It can also be a way to help you better manage Hashimoto’s hypothyroidism.

If you have questions or concerns about Hashimoto’s hypothyroidism, low thyroid function, nighttime fasting, sleep habits, blood sugar balancing, or disease prevention, please contact my office.

4 Comments. Leave new

  • Aqillah Chaudhri
    April 29, 2020 3:24 am

    I have Hashimotos hypothyroidism and try every year to fast in Ramadhan without success- symptoms include not being able to stay awake, early menstruation etc- Is there anything I can try to keep my Ramadhan fasts?

    • Functional Health News
      June 13, 2020 10:05 pm

      That’s tricky if your blood sugar is crashing. Some say branch chain amino acids can help keep your blood sugar up but it all depends on the individual. The best advice I can think of is to slowly work on improving your blood sugar stability the rest of the year. Those customs came about when there were not so many modern challenges to the human body!

  • 15 months ago I was diagnosed as borderline Type 2 diabetes (fasting BS >100 – <125), Hypothyroidism, Hasimoto's (Thy Perox Abs 429), and Hypercholesterolemia. Basically, metabolic syndrome. I started on the Keto Diet and over a period of 7 months lost 25 pounds, I am female, 5'3" and started at about 181 pounds. My blood sugar now hovers between 80's to 90's, for most part. For the last 8 months, even in a constant moderate to high ketosis state, I have not lost any weight and have been staying around 155 pounds. I have been doing intermitting fasting, eating only one meal a day. I have been trying to do some extended fasting, to break my plateau, but by day four my blood sugar was down to 53 mg/dL, my Ketones were 3.6 mmol/L, and GKI 0.8. you mention that low blood sugar is not good if you have Hasimoto's, but at what "number" do you consider too low of blood sugar for someone in an extended fast with Hasimoto's? And what would be the optimum blood sugar number that someone with Hasimoto's should maintain while on the Keto diet?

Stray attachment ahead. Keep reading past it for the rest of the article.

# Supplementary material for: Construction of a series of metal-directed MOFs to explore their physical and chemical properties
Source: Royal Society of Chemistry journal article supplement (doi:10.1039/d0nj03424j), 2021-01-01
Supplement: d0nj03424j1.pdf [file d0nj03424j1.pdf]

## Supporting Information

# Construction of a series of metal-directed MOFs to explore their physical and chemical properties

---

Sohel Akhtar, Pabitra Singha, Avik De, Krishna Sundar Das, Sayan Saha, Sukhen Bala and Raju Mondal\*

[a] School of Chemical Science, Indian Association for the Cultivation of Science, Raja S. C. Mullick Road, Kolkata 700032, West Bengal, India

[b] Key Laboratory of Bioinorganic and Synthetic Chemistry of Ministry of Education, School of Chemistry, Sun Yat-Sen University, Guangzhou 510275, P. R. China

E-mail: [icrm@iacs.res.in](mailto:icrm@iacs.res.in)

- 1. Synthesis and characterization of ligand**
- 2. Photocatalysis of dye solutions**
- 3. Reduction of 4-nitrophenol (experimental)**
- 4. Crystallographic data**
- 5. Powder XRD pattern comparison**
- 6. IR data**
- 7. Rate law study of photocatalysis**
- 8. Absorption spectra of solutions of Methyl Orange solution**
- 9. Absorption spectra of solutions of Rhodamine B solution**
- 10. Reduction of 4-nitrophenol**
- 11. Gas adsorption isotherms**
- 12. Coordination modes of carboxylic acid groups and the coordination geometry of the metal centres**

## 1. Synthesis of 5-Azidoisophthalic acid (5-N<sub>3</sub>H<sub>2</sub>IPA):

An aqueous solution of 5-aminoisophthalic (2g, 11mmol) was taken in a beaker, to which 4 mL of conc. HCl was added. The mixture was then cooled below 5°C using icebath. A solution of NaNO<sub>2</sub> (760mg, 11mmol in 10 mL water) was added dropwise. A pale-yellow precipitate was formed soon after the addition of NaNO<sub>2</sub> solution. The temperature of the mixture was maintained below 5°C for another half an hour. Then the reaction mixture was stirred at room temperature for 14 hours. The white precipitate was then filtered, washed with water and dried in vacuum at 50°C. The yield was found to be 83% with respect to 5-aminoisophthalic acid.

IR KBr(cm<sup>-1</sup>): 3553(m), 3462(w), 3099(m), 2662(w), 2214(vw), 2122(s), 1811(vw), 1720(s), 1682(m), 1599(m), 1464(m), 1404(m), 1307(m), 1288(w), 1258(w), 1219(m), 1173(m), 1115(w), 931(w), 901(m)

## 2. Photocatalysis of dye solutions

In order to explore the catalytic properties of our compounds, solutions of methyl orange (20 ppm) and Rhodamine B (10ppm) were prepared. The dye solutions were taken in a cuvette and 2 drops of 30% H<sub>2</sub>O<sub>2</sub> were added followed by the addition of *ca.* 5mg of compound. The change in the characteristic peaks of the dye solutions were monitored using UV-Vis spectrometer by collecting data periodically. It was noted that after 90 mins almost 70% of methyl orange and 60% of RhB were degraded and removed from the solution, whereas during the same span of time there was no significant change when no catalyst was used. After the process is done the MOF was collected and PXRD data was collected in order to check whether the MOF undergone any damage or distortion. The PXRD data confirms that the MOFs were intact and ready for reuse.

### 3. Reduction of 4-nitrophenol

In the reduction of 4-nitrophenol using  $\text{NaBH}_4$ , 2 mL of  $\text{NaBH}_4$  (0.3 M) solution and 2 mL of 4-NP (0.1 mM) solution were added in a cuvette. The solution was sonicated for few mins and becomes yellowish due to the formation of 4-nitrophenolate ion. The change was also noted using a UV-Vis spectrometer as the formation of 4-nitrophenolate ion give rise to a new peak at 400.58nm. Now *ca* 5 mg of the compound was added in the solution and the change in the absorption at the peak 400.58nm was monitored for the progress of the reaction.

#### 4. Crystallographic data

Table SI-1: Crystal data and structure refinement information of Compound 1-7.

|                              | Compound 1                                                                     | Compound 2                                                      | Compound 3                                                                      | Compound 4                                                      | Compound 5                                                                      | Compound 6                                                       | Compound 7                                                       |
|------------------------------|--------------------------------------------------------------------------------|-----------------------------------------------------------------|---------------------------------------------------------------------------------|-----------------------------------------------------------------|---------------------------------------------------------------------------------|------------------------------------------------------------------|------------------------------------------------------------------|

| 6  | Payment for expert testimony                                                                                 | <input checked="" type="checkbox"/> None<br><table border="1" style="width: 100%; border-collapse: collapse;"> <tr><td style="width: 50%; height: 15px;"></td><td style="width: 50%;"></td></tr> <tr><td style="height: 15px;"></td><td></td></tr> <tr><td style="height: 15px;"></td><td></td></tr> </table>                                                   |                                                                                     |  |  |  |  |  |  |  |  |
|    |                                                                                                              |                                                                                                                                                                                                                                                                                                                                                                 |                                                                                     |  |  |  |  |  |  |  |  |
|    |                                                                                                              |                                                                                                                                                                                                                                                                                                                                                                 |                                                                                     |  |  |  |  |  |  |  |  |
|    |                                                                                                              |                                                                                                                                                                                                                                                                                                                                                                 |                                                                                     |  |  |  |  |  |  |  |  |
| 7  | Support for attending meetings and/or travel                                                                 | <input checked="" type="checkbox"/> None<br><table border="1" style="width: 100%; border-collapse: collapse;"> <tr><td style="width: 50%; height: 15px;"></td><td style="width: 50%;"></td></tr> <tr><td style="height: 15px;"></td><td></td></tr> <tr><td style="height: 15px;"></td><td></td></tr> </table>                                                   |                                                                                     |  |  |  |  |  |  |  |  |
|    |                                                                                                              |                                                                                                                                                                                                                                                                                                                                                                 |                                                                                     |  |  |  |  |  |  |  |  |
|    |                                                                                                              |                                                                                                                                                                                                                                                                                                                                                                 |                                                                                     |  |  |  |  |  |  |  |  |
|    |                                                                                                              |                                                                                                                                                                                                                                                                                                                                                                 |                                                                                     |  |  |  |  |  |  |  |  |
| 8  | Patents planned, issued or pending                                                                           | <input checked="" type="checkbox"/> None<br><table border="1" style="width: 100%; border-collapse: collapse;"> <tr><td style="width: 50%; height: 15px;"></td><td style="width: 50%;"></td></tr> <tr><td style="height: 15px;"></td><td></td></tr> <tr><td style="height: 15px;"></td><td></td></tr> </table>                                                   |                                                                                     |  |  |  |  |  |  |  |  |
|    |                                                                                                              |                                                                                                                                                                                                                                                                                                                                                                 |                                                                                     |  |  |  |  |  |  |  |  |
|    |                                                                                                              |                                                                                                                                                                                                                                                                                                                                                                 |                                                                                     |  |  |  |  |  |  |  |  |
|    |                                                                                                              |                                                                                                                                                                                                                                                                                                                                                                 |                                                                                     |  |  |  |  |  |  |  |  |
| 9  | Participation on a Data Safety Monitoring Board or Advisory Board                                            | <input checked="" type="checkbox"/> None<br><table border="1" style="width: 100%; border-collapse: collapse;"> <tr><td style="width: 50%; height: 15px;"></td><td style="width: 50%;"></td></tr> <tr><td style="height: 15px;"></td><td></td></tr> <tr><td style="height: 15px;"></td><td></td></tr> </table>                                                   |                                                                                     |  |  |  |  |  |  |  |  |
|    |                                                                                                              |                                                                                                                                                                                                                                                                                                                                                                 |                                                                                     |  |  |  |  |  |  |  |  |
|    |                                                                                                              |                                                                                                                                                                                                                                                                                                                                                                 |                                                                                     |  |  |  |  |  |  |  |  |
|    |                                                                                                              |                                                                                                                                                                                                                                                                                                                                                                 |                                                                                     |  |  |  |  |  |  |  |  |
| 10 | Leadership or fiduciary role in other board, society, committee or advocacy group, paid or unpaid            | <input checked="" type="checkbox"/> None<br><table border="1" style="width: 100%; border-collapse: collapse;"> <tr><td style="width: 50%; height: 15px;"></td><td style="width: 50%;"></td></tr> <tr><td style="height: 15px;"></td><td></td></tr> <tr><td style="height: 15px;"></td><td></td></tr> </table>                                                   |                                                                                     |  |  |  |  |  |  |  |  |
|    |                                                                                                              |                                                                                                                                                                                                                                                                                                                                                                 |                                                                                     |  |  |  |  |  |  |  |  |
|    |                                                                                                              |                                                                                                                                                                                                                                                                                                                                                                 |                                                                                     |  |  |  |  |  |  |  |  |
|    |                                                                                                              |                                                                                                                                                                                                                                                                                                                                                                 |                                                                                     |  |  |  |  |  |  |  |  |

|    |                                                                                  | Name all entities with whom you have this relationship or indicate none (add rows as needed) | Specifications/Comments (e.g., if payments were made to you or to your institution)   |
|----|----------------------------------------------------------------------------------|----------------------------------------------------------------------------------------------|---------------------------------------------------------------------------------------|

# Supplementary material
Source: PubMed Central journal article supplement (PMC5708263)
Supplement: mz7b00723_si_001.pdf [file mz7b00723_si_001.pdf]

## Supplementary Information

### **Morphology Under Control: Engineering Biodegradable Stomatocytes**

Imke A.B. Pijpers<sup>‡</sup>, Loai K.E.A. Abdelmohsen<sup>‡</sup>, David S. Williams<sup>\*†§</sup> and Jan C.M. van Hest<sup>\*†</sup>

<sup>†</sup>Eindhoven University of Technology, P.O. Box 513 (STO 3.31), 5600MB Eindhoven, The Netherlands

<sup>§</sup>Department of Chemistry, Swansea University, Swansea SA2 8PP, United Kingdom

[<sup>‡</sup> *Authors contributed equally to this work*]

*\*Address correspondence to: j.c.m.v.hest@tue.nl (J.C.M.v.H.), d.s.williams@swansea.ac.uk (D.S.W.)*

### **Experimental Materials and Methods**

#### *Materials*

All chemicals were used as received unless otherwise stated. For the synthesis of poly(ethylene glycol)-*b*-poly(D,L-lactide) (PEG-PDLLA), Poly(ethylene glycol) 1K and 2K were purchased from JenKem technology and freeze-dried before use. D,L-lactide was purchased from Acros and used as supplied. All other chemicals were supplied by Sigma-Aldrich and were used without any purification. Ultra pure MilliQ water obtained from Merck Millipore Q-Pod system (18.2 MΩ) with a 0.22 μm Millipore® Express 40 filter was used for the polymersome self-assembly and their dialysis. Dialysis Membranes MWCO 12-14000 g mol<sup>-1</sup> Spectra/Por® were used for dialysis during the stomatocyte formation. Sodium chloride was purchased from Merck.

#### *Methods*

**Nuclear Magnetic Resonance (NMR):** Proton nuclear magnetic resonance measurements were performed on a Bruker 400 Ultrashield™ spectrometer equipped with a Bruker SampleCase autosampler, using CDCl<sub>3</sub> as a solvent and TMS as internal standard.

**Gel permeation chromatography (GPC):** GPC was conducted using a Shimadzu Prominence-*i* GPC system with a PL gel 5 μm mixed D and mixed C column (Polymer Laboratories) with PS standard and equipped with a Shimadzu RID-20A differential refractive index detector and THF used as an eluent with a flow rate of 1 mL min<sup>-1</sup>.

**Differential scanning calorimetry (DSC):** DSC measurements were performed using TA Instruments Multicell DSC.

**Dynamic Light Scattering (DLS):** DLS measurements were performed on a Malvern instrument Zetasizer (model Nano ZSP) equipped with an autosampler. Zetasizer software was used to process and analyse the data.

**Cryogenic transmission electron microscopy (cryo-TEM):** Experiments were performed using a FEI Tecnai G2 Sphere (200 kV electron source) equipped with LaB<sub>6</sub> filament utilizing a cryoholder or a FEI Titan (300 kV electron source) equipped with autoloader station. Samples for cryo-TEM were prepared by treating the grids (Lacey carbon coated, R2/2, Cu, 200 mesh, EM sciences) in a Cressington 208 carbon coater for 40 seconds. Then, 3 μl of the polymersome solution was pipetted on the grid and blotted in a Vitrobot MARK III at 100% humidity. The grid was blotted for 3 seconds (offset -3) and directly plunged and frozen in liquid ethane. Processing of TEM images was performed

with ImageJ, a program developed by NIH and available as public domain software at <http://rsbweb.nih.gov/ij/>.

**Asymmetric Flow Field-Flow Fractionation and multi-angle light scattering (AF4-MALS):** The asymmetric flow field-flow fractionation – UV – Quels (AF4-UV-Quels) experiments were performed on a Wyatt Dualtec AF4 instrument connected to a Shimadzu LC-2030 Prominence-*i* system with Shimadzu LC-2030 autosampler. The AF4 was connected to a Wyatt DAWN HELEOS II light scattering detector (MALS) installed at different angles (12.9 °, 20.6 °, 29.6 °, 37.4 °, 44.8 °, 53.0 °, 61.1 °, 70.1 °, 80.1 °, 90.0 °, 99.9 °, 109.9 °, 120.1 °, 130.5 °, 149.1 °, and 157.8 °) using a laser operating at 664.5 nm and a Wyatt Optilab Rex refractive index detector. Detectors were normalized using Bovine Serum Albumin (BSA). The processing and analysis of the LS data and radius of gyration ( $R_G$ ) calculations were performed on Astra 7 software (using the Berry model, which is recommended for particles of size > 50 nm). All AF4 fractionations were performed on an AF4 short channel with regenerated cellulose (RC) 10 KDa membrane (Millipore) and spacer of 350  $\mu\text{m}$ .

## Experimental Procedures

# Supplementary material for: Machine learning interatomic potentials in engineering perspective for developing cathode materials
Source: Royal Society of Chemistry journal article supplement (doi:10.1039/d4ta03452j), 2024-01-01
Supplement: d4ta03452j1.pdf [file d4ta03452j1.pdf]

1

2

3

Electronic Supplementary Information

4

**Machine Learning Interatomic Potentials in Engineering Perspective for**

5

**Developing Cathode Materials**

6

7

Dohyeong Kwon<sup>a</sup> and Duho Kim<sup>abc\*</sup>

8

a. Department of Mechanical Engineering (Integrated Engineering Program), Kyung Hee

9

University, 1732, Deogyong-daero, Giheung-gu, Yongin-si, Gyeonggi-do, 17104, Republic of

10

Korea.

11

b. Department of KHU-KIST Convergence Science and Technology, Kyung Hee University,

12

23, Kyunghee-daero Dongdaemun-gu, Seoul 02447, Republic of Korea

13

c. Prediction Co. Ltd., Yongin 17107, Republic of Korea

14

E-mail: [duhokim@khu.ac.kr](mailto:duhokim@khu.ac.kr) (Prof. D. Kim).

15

• Sally Bowers
    May 25, 2021 8:04 am

    Hi, I have hashimoto and hypokalemia. I started ketovore and IF on 2-1-21. All inflammation disappeared. My body is starting to absorb potassium after 2 years of it not. I went from 7500 mg a day to 4500 now and weening still. I hope to be off of it soon. I’ve been starting with weekly 24 hr fasts. Free T3 is low normal (2.01). RT3 went from 28 to 22. Antibodies were near 900 for both (in Nov). Those haven’t been retested as the Dr feels its unnecessary. TSH is 3.14 (Nov) down from 5.68 a year ago. T4 was 9.4, FT4 1.08 (both in Nov). Im on my own in this as the Endo feels its unnecessary as you cant change hashi with diet or fasting. (HE SAYS). I feel very good and have plenty of energy. Not perfect as I have 120 more lbs to lose but I have lost 40 since 2-1-21. I feel this is a good sign. My health numbers are all good (chol. Trygl. HDL LDL Cortisol is low etc.) I have no guidance on this and Im just hoping Im helping and not hurting my thyroid. I do feel good so Im taking that as a good sign. Im not on any thyroid meds. I do take the necessary supplements that are recommended for Hashi. I guess IM wondering if you feel that what Im doing is ok as long as I feel good. Any help is greatly appreciated. Thank you, Sally Bowers